The whole unit is about 16" wide.  Although one can ride a bike on a narrower path (and I did try a 7" plow), the snow tends to fall back into the cleared area and bike pedals will hit any snow deeper than a couple of inches.  Most bikes need a width of about 15" to clear the pedals.

The orange front wheel was added after I realized the front blade would gather a large mound of wet snow and the plow would become very difficult to push.  There is an additional set of "wings" that bolt onto the rear to roll the snow out at a 30 degree angle.  Heavy wet snow tends to form fairly large (almost 12") snow balls on the deck and they fall back into the plowed path if the wings are not used.

This plow was used for four major snowfalls during the 2001-2002 winter season and performed well even in 7" of wet snow.

Take a look at a simpler and improved version called The Drift Cutter .

A key lesson learned: Get out and clear the path soon after the snow stops, before it gets walked on and compacted!

Something faster is needed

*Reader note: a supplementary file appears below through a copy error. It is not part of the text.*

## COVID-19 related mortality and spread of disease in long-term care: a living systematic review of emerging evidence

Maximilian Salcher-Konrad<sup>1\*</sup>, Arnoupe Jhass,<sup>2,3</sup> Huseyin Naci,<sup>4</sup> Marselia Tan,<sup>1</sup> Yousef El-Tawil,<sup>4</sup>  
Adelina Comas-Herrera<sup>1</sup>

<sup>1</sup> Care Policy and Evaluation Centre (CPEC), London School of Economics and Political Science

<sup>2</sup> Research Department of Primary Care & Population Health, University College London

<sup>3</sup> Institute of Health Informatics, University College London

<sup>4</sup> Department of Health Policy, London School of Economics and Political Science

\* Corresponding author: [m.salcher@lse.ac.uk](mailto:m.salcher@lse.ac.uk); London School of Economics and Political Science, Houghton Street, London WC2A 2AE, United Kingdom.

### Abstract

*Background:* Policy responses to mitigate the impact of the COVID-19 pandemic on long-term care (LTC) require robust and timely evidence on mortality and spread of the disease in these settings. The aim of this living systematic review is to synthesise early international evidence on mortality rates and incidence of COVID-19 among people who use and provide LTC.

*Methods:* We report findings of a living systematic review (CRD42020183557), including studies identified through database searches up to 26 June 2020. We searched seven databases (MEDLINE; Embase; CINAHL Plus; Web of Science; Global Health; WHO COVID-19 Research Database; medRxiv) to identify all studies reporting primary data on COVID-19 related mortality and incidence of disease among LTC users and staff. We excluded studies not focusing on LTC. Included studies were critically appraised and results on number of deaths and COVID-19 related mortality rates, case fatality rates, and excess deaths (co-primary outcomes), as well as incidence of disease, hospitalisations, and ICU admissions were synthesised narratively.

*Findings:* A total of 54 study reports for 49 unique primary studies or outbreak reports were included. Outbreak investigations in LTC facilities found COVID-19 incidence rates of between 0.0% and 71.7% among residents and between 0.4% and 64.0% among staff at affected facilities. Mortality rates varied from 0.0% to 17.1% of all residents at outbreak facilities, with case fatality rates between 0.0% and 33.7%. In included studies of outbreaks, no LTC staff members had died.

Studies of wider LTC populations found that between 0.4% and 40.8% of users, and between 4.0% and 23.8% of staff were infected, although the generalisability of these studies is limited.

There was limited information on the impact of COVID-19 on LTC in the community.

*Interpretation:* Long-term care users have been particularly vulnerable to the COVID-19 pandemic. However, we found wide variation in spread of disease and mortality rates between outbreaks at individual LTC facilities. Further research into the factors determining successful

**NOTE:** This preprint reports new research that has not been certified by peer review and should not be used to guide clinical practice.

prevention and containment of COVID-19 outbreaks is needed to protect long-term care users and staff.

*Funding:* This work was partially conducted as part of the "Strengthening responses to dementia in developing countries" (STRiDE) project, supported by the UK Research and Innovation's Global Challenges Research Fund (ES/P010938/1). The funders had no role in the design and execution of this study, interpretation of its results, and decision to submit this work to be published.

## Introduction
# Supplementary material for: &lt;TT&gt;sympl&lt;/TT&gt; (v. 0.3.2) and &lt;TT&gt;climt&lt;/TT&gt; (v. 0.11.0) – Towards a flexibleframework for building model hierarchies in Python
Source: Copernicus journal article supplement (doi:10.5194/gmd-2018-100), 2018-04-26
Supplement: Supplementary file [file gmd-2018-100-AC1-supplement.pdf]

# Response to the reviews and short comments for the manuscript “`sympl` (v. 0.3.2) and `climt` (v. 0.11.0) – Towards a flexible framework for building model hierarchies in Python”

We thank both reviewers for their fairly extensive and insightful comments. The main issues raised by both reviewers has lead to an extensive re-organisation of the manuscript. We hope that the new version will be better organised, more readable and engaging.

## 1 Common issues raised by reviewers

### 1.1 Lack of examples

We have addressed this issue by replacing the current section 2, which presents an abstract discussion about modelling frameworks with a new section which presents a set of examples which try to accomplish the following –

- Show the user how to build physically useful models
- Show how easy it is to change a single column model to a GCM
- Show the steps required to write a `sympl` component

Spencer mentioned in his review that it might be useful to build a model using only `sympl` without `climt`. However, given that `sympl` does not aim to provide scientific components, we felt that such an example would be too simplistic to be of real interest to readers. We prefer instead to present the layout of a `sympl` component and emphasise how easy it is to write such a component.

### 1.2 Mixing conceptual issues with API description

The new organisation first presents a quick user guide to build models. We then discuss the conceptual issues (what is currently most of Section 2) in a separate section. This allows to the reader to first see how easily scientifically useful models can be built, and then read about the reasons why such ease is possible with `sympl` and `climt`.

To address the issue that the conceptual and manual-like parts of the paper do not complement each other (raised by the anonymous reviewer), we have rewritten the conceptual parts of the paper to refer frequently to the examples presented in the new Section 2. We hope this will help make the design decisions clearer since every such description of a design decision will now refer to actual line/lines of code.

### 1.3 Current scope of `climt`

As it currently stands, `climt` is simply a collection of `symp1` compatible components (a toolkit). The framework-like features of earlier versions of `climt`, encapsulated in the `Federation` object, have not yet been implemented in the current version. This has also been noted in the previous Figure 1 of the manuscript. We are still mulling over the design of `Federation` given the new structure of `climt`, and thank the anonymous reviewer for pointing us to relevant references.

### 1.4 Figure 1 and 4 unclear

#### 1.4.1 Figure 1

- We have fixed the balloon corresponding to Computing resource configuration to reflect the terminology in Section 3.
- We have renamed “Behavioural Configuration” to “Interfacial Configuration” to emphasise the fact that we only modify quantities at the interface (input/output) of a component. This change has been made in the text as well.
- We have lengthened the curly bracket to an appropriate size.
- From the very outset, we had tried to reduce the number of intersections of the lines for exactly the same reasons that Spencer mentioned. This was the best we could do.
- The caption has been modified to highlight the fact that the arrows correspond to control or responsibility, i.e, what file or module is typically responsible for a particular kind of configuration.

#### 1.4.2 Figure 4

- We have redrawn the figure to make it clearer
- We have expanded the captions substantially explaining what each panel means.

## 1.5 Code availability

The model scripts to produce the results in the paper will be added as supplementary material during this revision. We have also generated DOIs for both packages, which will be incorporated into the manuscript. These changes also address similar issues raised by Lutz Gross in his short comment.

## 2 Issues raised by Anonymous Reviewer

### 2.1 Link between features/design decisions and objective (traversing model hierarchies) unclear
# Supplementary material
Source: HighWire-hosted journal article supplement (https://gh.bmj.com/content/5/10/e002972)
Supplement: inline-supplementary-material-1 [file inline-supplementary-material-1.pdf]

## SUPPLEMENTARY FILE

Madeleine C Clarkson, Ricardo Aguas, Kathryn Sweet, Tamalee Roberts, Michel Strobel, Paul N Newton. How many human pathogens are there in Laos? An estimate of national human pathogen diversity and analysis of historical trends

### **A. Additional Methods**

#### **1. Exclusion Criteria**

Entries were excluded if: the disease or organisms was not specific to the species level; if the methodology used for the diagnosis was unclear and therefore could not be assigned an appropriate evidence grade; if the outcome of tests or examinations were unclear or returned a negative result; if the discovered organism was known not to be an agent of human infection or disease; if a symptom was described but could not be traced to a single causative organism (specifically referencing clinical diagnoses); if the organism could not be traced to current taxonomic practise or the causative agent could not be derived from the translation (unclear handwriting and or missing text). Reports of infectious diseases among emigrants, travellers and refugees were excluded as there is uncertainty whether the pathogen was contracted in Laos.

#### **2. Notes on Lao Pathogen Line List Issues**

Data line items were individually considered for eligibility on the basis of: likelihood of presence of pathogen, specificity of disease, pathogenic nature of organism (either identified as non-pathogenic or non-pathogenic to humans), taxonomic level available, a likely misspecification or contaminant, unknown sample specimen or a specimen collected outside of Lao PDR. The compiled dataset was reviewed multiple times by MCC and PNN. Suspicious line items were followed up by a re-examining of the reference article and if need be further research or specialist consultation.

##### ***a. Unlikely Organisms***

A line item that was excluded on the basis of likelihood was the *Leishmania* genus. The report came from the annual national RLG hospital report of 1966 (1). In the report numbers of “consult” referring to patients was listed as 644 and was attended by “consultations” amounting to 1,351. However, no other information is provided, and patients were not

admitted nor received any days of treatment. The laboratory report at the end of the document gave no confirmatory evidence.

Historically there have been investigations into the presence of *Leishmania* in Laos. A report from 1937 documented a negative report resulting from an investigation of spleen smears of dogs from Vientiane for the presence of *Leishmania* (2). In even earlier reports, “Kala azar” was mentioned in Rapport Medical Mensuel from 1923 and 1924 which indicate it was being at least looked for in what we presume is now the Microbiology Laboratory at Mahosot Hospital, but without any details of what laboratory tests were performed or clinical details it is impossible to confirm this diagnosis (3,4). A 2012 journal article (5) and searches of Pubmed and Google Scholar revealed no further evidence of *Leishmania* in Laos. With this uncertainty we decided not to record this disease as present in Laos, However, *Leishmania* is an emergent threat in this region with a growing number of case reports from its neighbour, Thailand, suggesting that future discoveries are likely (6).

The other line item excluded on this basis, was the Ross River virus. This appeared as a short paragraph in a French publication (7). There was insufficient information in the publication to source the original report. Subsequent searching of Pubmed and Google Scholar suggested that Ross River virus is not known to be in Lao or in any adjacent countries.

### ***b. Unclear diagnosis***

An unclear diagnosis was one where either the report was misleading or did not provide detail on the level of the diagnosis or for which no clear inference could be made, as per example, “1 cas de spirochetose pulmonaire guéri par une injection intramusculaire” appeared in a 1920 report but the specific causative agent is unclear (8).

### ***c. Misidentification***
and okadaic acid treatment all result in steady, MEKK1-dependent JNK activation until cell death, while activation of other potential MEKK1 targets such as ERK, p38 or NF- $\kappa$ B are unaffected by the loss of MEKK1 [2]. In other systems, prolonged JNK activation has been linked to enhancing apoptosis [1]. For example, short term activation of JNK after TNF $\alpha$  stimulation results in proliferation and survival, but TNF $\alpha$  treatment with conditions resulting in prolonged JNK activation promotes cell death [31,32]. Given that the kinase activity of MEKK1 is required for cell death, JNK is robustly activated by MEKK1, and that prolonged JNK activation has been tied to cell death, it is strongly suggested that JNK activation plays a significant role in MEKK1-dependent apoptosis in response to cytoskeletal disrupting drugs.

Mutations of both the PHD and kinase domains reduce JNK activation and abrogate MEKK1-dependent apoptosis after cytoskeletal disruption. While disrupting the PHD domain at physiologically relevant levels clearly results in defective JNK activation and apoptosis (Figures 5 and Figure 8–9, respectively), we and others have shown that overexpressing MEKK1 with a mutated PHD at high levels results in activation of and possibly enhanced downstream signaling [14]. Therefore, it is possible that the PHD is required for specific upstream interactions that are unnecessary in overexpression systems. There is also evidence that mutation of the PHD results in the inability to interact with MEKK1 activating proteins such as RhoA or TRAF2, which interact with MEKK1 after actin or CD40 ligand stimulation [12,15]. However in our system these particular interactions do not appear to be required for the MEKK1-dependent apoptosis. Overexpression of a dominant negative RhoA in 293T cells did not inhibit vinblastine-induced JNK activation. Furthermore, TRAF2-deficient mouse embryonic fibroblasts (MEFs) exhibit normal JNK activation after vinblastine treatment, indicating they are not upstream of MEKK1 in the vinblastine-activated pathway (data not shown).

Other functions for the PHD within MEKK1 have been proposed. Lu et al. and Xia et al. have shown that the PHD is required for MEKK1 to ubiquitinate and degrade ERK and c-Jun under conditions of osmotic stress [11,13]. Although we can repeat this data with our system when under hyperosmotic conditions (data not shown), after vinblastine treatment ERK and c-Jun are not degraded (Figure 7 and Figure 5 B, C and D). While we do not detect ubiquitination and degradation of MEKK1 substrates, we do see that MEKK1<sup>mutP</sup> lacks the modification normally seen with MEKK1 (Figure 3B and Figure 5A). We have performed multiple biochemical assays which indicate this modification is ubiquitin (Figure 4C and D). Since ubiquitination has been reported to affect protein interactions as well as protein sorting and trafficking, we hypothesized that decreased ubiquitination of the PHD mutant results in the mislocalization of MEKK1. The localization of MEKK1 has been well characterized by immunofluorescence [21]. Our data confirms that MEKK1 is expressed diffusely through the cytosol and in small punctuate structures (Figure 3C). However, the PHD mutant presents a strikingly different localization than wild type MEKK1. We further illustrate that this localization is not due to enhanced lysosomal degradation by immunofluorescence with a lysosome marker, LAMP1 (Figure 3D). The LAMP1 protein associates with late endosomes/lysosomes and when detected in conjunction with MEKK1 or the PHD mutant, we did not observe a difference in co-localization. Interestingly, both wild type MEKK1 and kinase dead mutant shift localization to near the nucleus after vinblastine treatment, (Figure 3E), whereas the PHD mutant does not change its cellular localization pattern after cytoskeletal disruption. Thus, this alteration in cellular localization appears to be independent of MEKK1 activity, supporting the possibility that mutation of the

The winter of 2002-2003 started out with a light 1" snowfall.  The push plow did a nice job of clearing a narrow path but the effort of transporting the plow down to the bike path, walking while pushing it two miles and bringing it back home seemed to be a bit of overkill for such a light snow.

Since I commute to work on my bike, something I could carry with me would be very convenient.  I started experimenting with plows that could be towed behind a bike.  I considered this to be safer than a front blade after my experiences jamming the push plow on cracks and bumps in the pavement.  The first test plow was built out of vinyl gutter pieces.  It had an apex angle (blade to blade) of about 40°.  Experience with the push plow proved wheels to be useful.  I found inexpensive scooter wheels at a local surplus store.  They met the requirements of being durable, narrow and had nice bearings. The plow was pulled by a rope attached to the rear rack on the bike.  It had fairly low mass so the front tended to lift every time the rope pulled taut.  The plow would bounce as the plastic blades flexed and touched the pavement.  The plow also tended to swerve side to side since the rope provided very little lateral stability.  With a 16" rear width, the plow ended up being almost too long with such an acute apex angle.  The plastic blades became very brittle in the cold and pieces broke off during the first test run but it did a good job of clearing the snow off of the path.